The anguished Chassidim who gathered in the home of Harav Shlomo Chaim of Sadigura, zy”a, were beside themselves. Ever since his older brother, their beloved Rebbe, Harav Avraham Yaakov of Sadigura, zy”a, was niftar, they had continued to draw inspiration and consolation from davening in his shul in Tel Aviv. There, surrounded by the memories of his exalted avodah, they felt connected to their mentor.
The shul had originally been rented for the Rebbe and, later, in order to ensure its continuity, a Chassid had bought the entire building. But he never transferred title of the shul section to the kehillah and, when his business became insolvent, the bank repossessed the building. Now the Chassidim were facing imminent eviction. A new place would be found for the minyan, but in the eyes of the Chassidim, no longer would it be their Rebbe’s shul.
Harav Shlomo Chaim, who had also been very attached to his brother, made no secret of his own anguish over the eviction. But he also offered his fellow Chassidim powerful words of chizuk.
“Es vet alles mitgein — it will all accompany you. …”
(More than five decades later, the shul continues to flourish under the leadership of his great-nephew, Harav Mordechai Auerbach.)
In the tefillah that many recite when bidding farewell to the sukkah, we plead that the malachim that are affiliated with the mitzvos of sukkah and the arbaah minim should “accompany us as we leave the sukkah and enter with us into our homes. …”
Nine glorious days of Yom Tov have come to a close, joyous days of celebration and cleaving to the Ribbono shel Olam. Now our task is to ensure that “es vet mitgein” — that the spiritual heights we achieved during this Yom Tov will accompany us throughout the year.
While the walls of a sukkah may be made of virtually any sturdy material that doesn’t have an offensive odor, only specific materials may be used for the s’chach. According to halachah (there are various customs), one should be able to see the stars through it, and a heavy rain should be able to penetrate it.
Many sefarim say that this is one of the powerful and relevant lessons of this Yom Tov. We leave what, in this mundane and physical world, is perceived as a “permanent” dwelling and move into a “temporary” one. By doing so, we are recognizing that, in fact, this physical world is really a temporary dwelling. By moving into a sukkah open to the elements, and from which one can see the sky, we are dedicating ourselves to looking upwards towards our father in Shamayim as our only source of security and protection.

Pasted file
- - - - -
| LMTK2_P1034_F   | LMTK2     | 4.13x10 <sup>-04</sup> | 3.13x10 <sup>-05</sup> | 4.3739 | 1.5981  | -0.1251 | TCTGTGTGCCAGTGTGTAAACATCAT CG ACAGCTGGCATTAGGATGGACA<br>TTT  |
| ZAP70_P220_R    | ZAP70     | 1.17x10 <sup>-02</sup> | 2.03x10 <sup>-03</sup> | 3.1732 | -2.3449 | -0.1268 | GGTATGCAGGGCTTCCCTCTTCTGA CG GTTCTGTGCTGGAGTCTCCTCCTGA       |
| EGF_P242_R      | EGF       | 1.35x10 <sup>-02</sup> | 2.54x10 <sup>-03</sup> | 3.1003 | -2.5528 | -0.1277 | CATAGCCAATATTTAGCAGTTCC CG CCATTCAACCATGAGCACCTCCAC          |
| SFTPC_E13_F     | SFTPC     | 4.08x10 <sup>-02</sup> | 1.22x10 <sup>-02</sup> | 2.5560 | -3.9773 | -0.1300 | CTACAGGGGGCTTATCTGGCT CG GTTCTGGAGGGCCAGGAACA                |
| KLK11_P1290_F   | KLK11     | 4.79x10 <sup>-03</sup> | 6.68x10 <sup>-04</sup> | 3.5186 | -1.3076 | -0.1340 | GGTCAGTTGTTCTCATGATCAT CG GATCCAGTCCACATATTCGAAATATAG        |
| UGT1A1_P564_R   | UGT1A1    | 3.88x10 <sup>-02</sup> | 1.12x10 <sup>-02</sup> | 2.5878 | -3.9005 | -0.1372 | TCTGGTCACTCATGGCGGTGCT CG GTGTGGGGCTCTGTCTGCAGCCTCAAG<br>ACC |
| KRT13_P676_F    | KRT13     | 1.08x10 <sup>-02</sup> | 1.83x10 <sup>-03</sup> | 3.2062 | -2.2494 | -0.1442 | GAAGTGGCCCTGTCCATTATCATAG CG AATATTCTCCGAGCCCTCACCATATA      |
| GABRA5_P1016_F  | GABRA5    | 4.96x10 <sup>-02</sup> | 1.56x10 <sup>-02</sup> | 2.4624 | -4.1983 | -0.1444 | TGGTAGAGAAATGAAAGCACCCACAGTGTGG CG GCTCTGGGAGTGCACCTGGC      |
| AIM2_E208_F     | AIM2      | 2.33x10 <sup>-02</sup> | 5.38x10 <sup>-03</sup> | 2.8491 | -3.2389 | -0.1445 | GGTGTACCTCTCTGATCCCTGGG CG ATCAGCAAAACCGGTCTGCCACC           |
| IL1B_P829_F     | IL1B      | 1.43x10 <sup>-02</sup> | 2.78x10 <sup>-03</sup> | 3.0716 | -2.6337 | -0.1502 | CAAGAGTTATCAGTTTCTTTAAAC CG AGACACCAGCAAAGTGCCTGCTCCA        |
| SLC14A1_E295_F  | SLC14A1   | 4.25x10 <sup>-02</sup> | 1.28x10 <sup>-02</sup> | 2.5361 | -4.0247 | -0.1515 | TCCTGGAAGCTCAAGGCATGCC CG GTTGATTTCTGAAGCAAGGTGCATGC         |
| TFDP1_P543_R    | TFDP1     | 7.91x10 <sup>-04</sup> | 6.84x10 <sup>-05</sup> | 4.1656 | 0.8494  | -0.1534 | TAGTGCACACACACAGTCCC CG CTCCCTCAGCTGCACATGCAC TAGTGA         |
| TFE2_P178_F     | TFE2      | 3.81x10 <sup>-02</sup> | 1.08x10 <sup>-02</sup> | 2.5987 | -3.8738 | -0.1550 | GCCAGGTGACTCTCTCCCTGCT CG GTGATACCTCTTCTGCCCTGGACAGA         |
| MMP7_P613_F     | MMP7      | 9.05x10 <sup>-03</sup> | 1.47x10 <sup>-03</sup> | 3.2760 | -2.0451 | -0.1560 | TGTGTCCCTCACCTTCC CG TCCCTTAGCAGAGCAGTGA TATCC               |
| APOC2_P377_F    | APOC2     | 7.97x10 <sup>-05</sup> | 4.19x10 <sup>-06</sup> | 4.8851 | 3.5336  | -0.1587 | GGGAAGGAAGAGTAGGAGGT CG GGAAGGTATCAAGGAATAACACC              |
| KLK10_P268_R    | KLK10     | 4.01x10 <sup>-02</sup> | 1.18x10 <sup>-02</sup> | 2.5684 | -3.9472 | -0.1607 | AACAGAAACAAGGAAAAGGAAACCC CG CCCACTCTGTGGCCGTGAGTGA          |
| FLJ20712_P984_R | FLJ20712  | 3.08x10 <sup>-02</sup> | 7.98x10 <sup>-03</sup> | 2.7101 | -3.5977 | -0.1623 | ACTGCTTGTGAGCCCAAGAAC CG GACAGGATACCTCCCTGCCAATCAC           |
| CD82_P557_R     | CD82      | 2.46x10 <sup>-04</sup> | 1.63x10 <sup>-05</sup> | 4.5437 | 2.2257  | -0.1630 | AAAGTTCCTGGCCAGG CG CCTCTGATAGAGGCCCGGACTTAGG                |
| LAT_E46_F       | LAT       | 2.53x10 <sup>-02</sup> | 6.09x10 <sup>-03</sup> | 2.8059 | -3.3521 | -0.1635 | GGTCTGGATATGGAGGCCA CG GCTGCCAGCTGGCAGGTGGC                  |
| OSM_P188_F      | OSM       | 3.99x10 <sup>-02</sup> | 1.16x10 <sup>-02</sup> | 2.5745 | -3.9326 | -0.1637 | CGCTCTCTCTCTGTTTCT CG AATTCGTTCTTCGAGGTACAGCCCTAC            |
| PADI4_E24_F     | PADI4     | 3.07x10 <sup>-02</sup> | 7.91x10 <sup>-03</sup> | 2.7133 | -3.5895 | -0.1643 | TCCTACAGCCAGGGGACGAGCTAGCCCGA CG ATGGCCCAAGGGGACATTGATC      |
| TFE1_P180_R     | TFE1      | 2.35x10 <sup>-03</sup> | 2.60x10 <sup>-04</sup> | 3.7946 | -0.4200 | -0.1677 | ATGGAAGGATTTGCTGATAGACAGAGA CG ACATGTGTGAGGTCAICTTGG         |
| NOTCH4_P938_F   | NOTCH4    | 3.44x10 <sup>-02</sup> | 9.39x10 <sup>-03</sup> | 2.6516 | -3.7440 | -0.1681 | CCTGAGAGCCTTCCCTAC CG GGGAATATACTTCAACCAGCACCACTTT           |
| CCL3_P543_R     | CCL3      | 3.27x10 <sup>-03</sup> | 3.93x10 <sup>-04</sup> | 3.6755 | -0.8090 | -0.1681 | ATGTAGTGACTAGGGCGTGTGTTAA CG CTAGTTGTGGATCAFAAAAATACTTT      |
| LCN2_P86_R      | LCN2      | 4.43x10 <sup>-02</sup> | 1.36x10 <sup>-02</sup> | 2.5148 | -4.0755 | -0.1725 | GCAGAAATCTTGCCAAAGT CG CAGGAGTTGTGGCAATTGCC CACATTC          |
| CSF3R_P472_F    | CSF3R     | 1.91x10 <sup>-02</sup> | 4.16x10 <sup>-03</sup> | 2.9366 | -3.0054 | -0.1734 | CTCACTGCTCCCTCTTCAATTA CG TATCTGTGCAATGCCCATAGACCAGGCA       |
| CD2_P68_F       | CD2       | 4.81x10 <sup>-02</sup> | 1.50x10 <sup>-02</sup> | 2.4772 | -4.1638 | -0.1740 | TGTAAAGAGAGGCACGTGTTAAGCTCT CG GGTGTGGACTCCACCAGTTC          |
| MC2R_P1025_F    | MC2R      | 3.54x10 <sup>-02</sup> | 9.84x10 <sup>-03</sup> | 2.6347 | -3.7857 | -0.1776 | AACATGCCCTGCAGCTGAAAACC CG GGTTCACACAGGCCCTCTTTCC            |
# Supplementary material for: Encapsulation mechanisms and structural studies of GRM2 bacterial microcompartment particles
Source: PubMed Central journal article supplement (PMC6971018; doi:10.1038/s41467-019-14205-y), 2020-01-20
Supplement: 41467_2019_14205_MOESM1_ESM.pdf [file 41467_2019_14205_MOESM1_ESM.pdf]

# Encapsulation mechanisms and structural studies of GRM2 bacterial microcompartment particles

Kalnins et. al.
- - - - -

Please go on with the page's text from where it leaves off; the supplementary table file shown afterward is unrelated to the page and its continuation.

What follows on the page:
Harav Shimon Sofer, zt”l, the Rav of Erloi, adds a fascinating facet to this discussion.
For those who spend so much of their time and energy toiling in this physical world, the notion that it is merely a temporary dwelling can be quite disconcerting. Especially when one takes into account the words of Koheles which we recite on Sukkos, “hevel havalim hakol hevel — futility of futilities, all is futile.” The thought of working so hard for so long on something that is futile is something that can be downright distressing.
Therefore, on Shemini Atzeres we lein the parashah of “Asser te’asser,” which teaches us about the mitzvah of maaser and tzedakah. The knowledge that the physical fruits of our labor can be used for such a lofty mitzvah — which in turn is a pathway to Olam Haba — tells us that, while this may be a world of futilities, our toil is not for naught after all, but serves a greater purpose.
The mitzvah of tzedakah and the crucial concepts of emunah and bitachon are intertwined. For it is only when we fortify ourselves with bitachon and recognize that all we have and own is from Hashem, and that the giving of tzedakah is the best possible investment, can we push away worries about our own financial future and open our wallets wide to the needy.
As we take leave of a Yom Tov which symbolizes bitachon, this is a most appropriate time to strengthen our emunah and bitachon, and aspire to aim for ever higher levels of tzedakah and chessed.